Garage ordinance talks continue

By BOB OLIVER
Times-Herald Newspapers

DEARBORN — True to their word, the mayor and his administration and the city council are continuing to discuss the language that will be used in the amended ordinance regarding garage usage and appearance that has been in the works for several months.

At the Sept. 24 council meeting, Council President Thomas Tafelski said the council and the city administration would like more time to discuss the proposed ordinance and those talks continued at the monthly mayor’s briefing session at city hall on Oct. 1.

“One of the reasons we’re having so many struggles with this is because our diversity in housing is broader than any other community in metropolitan Detroit,” Mayor John O’Reilly Jr. said. “The size of lots varies so rapidly that it’s difficult to come up with one standard for such a diverse housing stock. That standard has to meet a lot of variables.”

The current zoning ordinance only allows the garage to be used for the parking of automobiles, but the city has been working to amend it to allow the storage of household items and so that hobbies, parties and other things can legally occur inside of a garage.

Residents and homeowners are required to have two off-street parking spots on the property so that cars can be cleared from the street on Public Service Days.

The language of the amended ordinance strictly prohibits converting the garage to a habitable space, using anything other than a traditional non-transparent overhead door for automobile entry, sleeping within the garage, having an open flame heater or cooking. There is also a prohibition against adding utilities to the garage beyond a sink sufficient for washing hands and tools and basic electrical service. The garage is not to be leased out or used for commercial storage either.

At the briefing session, O’Reilly told the council members present that the Legal Department is happy with the off-street parking requirements and restrictions to garage modifications in the language but is continuing to research one specific section of the ordinance: rules regarding the garage doors.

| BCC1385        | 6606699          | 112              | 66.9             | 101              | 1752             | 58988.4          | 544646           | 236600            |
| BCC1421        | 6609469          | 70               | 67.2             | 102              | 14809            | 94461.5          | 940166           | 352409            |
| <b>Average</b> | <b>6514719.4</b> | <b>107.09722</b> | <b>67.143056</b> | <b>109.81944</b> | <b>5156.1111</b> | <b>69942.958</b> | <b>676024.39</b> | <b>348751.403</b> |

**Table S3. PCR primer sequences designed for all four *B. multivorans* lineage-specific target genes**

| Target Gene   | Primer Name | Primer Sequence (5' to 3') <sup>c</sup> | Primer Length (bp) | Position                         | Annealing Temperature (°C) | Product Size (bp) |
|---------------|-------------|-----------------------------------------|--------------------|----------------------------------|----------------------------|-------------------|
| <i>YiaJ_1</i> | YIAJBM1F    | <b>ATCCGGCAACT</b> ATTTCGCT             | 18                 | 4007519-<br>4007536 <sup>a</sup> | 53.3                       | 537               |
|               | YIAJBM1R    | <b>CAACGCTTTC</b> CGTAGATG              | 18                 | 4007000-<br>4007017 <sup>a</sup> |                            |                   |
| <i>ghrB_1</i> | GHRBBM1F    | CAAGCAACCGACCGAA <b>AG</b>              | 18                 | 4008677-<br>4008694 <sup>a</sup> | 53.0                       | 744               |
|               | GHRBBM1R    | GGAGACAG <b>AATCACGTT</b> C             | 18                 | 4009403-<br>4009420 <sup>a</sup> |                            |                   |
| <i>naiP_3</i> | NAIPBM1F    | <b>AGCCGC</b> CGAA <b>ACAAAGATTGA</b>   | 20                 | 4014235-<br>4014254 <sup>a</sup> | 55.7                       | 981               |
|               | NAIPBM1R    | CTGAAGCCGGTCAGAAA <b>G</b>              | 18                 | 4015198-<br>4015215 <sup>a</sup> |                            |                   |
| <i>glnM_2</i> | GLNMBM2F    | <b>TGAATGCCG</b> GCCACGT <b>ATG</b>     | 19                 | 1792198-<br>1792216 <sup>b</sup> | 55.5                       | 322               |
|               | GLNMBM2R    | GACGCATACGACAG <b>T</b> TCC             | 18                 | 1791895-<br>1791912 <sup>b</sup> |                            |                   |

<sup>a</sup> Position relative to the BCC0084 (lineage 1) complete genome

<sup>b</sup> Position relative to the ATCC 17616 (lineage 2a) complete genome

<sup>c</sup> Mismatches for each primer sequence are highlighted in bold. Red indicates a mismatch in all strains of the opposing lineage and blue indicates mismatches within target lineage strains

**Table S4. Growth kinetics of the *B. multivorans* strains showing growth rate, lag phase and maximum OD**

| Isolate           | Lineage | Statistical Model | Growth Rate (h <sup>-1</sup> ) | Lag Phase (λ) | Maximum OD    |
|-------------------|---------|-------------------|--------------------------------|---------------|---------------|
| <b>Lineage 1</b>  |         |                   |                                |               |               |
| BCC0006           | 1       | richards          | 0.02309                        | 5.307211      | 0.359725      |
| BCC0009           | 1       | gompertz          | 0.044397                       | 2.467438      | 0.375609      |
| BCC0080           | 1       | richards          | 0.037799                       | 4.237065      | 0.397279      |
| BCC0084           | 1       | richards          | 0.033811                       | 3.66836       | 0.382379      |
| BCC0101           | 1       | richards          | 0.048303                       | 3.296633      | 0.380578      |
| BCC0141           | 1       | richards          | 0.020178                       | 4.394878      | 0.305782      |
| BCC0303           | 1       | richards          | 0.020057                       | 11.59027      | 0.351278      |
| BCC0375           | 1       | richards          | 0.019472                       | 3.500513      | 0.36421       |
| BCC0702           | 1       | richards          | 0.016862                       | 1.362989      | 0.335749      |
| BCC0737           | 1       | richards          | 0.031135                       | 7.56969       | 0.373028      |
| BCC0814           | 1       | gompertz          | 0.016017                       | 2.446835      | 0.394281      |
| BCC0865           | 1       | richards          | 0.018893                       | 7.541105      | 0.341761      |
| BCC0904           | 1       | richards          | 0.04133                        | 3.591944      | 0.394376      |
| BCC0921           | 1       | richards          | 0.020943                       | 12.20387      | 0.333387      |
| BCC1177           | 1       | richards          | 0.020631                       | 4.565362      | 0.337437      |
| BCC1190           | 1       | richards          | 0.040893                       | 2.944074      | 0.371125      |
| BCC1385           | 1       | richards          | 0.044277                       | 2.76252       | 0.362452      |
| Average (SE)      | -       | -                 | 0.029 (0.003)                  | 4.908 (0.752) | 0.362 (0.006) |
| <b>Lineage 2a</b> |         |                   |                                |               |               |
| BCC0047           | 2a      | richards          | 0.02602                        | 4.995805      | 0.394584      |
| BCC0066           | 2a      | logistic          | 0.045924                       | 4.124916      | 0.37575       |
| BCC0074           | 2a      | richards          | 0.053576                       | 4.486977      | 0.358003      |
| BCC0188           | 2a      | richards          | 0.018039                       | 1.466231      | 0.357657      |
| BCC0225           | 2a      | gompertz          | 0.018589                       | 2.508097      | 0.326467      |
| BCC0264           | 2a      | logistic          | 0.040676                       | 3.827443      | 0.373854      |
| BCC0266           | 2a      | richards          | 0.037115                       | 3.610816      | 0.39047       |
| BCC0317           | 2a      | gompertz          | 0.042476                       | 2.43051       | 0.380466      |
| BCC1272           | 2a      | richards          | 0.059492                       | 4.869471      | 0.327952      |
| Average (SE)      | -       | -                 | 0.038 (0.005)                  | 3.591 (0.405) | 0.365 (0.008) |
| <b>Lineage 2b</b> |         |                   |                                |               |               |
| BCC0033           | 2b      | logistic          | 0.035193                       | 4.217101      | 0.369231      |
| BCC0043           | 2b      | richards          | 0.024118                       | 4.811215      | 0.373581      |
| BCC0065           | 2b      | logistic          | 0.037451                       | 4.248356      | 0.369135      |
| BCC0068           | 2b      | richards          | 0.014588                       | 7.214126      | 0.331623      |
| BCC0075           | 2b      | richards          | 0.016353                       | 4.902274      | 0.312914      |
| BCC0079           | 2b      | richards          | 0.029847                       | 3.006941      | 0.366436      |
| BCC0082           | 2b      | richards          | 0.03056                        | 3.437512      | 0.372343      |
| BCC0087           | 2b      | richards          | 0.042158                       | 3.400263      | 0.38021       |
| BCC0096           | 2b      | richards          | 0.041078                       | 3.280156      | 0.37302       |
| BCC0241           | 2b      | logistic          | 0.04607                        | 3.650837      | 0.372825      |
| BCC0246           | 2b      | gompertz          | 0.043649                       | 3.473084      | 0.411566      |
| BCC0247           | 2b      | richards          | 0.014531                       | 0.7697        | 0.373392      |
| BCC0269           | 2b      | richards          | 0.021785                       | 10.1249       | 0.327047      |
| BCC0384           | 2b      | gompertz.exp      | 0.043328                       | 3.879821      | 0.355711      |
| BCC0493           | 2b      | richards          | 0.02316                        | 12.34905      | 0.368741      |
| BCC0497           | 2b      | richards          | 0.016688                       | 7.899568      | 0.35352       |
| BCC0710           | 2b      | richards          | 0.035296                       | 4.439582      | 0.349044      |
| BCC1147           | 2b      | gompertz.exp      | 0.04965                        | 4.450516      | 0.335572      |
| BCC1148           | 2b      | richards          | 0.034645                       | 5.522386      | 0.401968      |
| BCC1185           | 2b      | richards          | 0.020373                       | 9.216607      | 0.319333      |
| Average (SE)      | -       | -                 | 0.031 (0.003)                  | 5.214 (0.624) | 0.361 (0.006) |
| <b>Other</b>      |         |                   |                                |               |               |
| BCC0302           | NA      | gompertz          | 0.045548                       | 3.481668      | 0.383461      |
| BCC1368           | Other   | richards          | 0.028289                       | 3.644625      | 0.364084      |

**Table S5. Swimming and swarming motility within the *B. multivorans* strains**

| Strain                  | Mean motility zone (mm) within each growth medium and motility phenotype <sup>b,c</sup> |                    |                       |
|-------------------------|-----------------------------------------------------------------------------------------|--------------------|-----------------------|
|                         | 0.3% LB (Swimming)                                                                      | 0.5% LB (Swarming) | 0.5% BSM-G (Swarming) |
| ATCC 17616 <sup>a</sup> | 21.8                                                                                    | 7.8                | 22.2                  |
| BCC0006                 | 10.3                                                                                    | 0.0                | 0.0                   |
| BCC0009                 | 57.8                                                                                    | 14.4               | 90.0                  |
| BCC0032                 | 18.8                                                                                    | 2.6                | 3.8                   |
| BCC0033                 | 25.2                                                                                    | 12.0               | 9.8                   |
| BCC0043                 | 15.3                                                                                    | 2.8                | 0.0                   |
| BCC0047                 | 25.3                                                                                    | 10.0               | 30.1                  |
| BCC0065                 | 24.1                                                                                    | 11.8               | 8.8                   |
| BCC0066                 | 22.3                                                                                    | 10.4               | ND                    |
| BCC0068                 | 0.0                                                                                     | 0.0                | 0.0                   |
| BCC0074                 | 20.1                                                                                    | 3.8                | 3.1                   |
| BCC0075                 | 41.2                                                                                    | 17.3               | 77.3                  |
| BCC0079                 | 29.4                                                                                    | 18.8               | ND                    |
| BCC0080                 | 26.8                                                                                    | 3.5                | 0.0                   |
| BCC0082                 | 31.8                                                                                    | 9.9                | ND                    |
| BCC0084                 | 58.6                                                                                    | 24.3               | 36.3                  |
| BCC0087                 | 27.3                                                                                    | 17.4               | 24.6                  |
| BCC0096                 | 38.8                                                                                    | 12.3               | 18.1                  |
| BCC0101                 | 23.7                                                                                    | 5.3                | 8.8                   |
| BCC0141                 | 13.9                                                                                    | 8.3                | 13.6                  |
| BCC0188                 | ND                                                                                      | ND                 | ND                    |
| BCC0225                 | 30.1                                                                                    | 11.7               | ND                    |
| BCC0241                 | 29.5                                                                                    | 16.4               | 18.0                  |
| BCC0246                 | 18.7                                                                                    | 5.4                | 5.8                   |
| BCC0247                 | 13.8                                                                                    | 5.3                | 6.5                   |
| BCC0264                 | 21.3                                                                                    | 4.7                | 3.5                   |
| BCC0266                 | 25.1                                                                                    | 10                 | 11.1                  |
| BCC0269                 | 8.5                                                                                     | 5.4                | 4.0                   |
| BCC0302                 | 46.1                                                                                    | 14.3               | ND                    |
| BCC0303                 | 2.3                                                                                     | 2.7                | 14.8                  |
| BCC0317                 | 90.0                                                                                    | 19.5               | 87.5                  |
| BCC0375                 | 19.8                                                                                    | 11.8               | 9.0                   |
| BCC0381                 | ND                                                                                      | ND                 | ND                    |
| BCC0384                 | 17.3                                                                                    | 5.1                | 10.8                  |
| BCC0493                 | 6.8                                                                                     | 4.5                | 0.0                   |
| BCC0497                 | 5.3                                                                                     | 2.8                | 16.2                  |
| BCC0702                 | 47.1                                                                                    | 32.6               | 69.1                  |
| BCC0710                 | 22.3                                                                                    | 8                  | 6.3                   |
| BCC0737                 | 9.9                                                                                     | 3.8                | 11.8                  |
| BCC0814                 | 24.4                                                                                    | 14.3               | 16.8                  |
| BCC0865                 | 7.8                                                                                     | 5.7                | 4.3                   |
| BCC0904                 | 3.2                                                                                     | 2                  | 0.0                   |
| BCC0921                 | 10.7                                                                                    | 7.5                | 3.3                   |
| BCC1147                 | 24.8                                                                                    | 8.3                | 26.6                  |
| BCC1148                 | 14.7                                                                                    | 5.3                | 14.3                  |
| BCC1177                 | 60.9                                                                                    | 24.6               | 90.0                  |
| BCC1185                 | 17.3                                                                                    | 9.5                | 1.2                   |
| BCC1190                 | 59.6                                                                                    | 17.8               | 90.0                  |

The topic of garage usage and the hanging of transparent doors have come to the fore this year in response to sliding glass doors being placed on garages on Orchard Street and on other properties on the east side of Dearborn.

Residents have told the city that it is only because they like to use their garages as social meeting places for family and friends that the usual overhead doors were replaced, but some city officials have labeled it a sign that the garage could be being used as a living space.

Council members have expressed concern that transparent doors are distracting to neighbors and that they can prohibit residents from using the garage as a place for storing vehicles.

Councilman Robert Abraham said he was not as concerned with the door as he was with the usage of the garage itself.

“The main purpose for having an accessory structure is for off-street parking,” Abraham said. “If someone does something to their garage and it changes their property so that they can no longer meet the parking requirements, I’m against it.”

The amended ordinance would allow for solid-hinged, sliding or French doors to be placed on garages for entry, but they must be either on the side or back of the structure and cannot exceed 8 feet in width.

Councilman David Bazzy said he wants an ordinance to enhance safety and to tell residents clearly what is and isn’t allowable.

“The two things that matter to me as a councilman are safety, both for the neighbors and the homeowner himself, and that I hope we don’t just focus on the aesthetics of the door,” Bazzy said. “We have to create an ordinance we can enforce and one where we are protecting the residents.”

O’Reilly recommended more dialogue with the council and legal department and said that because these talks will not be concluded in time for the next council meeting on October 8, the language may not be available for the council until their October 29 meeting.

The amending of the ordinance has been before the commission almost all year, as it was discussed and tabled at the Feb. 11 and April 8 meetings. There was also a special study session held on May 28 with O’Reilly to consider the issue.

A revision of the ordinance was not ready for the following planning commission meeting on June 10 so the item was tabled until July 8. There it was tabled before being discussed and passed on Aug. 12.

(Bob Oliver can be reached at boliver@bewickpublications.com.)

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